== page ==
A water bottle in a publicity shot for the period drama "Downton Abbey" unleashed harsh criticism and hilarious parodies about the visual authenticity of the series. But it also raises deeper issues about its accuracy in advancing understanding of a remarkable time in British history, from 1912 through the 1920s. Penn State Abington Professor of History Andrew August, whose research focuses on social history, gender and culture in modern British history -- a sweet spot for discussing life on the fictional country estate of Downton Abbey -- weighs in on the cultural and historical accuracy of the wildly popular period drama "Downton Abbey."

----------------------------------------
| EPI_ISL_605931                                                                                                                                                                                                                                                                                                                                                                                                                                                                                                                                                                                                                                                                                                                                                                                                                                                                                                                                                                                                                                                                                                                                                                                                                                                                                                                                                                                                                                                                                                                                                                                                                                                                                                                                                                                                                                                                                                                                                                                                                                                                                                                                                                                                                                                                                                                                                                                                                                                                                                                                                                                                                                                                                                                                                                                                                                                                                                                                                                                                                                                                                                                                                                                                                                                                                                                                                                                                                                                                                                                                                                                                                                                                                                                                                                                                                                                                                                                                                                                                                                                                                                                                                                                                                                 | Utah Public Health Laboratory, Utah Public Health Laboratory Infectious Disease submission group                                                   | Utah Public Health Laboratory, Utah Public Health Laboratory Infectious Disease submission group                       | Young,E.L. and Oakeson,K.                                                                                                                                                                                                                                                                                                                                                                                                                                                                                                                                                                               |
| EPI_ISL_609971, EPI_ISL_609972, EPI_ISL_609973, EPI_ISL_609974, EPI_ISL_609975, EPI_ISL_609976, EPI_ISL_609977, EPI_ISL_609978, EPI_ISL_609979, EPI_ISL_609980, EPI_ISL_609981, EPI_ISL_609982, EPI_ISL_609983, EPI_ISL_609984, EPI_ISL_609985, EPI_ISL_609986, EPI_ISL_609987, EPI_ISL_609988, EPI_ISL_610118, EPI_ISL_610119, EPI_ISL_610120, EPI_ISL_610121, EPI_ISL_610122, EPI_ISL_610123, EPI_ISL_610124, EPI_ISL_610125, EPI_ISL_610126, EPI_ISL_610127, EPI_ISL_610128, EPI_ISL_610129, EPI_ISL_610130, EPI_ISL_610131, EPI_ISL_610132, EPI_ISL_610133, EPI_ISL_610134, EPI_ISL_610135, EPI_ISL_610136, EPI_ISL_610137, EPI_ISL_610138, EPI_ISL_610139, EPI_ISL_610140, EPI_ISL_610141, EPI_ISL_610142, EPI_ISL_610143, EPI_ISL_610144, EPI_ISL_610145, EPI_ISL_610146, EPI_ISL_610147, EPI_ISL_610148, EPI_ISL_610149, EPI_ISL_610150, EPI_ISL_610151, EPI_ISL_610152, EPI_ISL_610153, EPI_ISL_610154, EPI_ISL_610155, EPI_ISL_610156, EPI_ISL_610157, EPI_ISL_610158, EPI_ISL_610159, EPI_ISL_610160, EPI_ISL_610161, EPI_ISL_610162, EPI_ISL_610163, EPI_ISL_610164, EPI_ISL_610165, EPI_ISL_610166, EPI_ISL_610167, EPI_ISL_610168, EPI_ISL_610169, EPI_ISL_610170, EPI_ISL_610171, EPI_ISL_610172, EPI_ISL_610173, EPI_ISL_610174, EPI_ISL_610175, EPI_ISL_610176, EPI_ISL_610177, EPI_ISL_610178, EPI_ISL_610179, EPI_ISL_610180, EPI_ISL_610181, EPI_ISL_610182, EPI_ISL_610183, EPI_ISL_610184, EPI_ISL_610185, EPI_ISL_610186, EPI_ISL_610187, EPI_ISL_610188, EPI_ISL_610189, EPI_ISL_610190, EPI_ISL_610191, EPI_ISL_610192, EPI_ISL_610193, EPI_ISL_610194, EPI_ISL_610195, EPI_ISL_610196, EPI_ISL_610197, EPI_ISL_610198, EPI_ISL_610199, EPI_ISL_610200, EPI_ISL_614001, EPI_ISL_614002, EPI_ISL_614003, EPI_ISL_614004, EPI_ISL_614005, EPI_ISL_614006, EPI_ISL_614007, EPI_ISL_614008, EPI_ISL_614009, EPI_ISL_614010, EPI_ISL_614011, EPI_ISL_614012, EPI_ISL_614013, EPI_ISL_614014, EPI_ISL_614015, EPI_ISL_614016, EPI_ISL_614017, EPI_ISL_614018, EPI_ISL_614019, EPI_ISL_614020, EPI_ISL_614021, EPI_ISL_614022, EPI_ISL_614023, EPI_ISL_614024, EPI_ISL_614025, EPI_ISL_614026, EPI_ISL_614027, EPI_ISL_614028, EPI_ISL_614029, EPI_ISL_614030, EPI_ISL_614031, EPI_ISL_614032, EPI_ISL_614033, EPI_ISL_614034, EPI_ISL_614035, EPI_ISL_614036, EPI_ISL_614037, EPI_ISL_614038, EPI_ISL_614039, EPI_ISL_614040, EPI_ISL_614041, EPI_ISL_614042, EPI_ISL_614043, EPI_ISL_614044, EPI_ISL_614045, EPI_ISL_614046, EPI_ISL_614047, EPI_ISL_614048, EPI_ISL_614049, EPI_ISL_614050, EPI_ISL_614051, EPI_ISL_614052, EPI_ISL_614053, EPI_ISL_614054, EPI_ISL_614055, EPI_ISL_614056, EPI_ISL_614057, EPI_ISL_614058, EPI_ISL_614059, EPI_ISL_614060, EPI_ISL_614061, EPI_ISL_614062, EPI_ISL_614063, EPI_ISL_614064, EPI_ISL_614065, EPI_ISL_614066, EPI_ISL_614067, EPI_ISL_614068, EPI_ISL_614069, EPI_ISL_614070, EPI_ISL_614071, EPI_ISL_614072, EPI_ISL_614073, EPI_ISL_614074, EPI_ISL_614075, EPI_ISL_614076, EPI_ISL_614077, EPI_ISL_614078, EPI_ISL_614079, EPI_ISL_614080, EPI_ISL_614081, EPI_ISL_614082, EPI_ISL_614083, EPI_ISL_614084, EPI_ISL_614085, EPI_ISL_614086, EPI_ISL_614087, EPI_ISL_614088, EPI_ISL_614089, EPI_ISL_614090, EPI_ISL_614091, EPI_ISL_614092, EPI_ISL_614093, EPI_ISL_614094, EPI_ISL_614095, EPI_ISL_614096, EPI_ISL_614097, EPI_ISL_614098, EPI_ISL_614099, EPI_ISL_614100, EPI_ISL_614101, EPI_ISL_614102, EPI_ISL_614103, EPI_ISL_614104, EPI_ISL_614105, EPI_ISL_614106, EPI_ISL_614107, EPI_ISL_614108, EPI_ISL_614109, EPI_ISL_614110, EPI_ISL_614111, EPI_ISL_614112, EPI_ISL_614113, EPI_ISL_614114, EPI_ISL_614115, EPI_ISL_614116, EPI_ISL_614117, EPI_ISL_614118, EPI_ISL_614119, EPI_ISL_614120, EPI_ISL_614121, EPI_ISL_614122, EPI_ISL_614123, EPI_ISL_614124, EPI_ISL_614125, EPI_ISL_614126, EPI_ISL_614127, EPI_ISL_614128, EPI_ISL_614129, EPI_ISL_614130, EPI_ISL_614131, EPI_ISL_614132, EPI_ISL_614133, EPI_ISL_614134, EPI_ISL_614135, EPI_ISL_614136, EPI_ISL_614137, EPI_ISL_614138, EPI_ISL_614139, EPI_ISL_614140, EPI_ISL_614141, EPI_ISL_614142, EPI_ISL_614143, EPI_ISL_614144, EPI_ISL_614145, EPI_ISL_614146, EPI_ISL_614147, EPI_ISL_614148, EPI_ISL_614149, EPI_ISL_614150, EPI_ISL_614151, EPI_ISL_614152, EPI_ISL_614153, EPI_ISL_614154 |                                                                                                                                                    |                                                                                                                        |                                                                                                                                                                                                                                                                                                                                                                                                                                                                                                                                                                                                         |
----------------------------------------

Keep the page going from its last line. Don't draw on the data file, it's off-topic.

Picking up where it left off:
WPSU and Erie’s public television station, WQLN, have been partnering with the Keystone Initiative for Network Based Education and Research (KINBER) and Velocity Network to use Pennsylvania's next generation research and education network (PennREN) to share their programming.
Local fans of "Downton Abbey" once again have the opportunity to discuss the hit British drama’s new season with WPSU-TV producers and guest experts. The second season of "After Abbey" premiered on Jan. 5, the first of eight live call-in shows dedicated to recapping each new "Downton" episode this season